When you do not have confidence in what you are doing, there is little chance of success in that venture. It’s the same in trading. Believe in what you are doing and don’t be afraid of making mistakes or dwell in your trading weaknesses. Conviction is similar to confidence but has to do with your trading ideas and knowledge. For example, if you have a good strategy that has worked several times, then stick with it. However, if there are too many instances of drawdown, then reduce your position size, if necessary.

Be confident, confront your fears, and accept your losses as part of trading. 

The Correct Mindset & Approach

To train and nurture the mind: Only you can develop your potential to become successful. In other words, you must nurture the psychology that is necessary to develop the state of mind that will lead you to become a profitable trader.

You are your own worst enemy: To be a successful trader you need to work on yourself. You need to overcome your weaknesses and mistakes. Most traders don’t recognize the need to change. The successful trader knows that it takes time, effort, and willpower to change the mindset. Each trader has a unique psyche, and hence you need to understand yourself well before taking steps to change your mindset.

Mental training is your key to success: Professional traders recognize that success comes from within, which is why they practice mental training. This allows them to recognize their subconscious values that prohibit their success. Once they do that, they can transform their feelings and channel it toward a more successful career.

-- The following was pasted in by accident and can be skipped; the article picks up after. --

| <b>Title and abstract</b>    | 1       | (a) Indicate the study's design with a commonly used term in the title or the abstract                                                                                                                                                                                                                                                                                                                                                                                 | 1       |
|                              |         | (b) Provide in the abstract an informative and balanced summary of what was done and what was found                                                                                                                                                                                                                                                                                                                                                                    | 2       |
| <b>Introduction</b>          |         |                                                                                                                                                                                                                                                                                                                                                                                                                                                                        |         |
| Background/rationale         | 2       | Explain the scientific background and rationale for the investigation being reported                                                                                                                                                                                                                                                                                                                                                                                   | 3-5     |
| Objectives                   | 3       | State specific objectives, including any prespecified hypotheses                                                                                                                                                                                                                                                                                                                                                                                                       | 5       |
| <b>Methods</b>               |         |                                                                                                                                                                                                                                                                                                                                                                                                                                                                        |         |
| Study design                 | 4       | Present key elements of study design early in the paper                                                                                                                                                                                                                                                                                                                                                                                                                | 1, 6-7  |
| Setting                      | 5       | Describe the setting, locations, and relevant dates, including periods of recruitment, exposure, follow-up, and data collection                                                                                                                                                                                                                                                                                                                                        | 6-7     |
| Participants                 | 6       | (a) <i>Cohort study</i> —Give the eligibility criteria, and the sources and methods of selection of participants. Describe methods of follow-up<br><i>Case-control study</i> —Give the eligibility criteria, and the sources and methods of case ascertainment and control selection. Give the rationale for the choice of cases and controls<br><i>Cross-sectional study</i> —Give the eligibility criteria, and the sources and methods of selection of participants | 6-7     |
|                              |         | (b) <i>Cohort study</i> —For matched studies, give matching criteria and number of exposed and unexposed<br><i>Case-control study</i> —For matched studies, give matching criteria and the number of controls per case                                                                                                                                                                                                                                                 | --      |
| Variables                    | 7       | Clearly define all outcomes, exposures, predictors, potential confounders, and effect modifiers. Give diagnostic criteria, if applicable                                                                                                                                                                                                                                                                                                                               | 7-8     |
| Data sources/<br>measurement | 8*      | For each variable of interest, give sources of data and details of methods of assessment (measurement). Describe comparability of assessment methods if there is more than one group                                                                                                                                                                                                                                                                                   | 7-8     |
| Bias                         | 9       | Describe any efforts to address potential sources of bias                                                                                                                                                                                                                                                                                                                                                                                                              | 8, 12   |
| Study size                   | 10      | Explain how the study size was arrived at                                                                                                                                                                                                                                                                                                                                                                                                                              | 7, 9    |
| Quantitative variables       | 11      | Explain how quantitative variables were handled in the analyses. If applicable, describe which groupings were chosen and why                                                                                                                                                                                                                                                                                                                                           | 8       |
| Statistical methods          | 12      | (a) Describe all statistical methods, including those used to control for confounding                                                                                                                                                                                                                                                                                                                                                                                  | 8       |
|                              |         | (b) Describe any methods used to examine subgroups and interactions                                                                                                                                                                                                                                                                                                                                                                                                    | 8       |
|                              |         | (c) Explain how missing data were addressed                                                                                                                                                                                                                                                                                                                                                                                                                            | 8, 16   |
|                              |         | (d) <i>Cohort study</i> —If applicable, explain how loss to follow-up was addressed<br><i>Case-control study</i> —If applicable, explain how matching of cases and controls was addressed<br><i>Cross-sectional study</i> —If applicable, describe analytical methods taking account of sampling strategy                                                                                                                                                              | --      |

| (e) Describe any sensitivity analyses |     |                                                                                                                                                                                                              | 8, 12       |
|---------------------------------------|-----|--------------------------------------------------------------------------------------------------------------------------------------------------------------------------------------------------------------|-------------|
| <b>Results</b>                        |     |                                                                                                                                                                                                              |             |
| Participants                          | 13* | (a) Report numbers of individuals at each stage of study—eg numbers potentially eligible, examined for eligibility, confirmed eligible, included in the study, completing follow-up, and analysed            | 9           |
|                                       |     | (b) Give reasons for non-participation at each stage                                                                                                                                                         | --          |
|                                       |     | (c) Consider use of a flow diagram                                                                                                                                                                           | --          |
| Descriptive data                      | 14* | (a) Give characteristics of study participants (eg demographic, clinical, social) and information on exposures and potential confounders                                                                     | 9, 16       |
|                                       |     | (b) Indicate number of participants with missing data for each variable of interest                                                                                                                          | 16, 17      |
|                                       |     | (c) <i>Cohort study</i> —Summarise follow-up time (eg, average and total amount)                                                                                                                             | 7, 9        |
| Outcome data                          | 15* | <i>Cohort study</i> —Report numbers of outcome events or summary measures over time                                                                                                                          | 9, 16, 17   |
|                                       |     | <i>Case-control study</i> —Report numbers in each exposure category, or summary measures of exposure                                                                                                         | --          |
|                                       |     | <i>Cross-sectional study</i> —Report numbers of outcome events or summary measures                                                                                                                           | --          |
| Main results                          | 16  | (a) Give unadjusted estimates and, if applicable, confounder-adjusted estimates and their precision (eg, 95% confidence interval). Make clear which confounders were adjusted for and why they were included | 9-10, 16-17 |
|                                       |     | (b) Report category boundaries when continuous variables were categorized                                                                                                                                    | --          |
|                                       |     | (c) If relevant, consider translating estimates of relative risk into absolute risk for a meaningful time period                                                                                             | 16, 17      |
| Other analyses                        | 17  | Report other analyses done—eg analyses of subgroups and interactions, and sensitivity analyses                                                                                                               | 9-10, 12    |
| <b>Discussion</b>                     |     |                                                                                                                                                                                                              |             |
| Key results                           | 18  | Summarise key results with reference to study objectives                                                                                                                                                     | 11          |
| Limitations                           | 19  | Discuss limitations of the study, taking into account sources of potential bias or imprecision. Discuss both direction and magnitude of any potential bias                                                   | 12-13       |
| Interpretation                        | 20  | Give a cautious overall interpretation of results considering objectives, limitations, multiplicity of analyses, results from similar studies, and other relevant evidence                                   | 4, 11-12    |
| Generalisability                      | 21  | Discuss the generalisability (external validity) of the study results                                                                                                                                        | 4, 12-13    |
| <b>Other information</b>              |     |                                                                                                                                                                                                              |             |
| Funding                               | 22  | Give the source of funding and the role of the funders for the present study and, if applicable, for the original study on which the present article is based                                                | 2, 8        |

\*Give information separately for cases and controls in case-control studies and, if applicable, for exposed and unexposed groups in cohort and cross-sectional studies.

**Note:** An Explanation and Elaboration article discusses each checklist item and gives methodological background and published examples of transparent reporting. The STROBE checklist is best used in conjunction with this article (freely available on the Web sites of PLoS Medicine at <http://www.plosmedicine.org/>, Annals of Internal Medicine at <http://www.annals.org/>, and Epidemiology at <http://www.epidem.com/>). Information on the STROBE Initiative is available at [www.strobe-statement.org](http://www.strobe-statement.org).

Associate with other traders: You often hear that two heads are better than one. Trading is a lonely profession, which is why it is important to build your trading knowledge by identifying with other traders to exchange views. Watching experienced traders in a live trading room is an excellent way to expand your trading knowledge. You get to learn the tactics and methods used by experienced traders and thereafter develop your own trading system.

Avoid overtrading: Overtrading can put your trading account at risk. If you consistently lose money using a strategy, try tweaking it or move on to another strategy.

Keep a trading journal: I capture all my trading activities in an Excel spreadsheet. I enter my entry prices, exit prices, the currency pair I’m trading, my stop-loss, profit target, profit or loss, position sizes, drawdown, setups, and I write short comments in one column. I always review these data points to determine how I can improve my trading results. Reviewing the data helps me to identify whether stop-losses were placed too close or too far, if partial profits were taken too early, or if position sizes were too large or small.

Emotional & Mental Skills

Trading is a challenging business that requires professional training. Theoretically, trading is easy to learn, but applying it is extremely difficult. It brings all your emotions to the surface, some you thought never existed. The emotional and mental skills necessary to become a successful trader are often underestimated. There’s more to trading than buying, selling, and making a profit. In fact, the buying, selling, and making a profit are the result of properly channeling your emotions so you are able to successfully manage your trades. It requires active and constant training of your mind so that your thoughts move in the direction of the correct action. That is what will make you part of the successful 10%.

Solomon Chuama has been working in the financial industry for 15 years. He is a trading seminar organizer and instructor who tries to pass on to students his passion.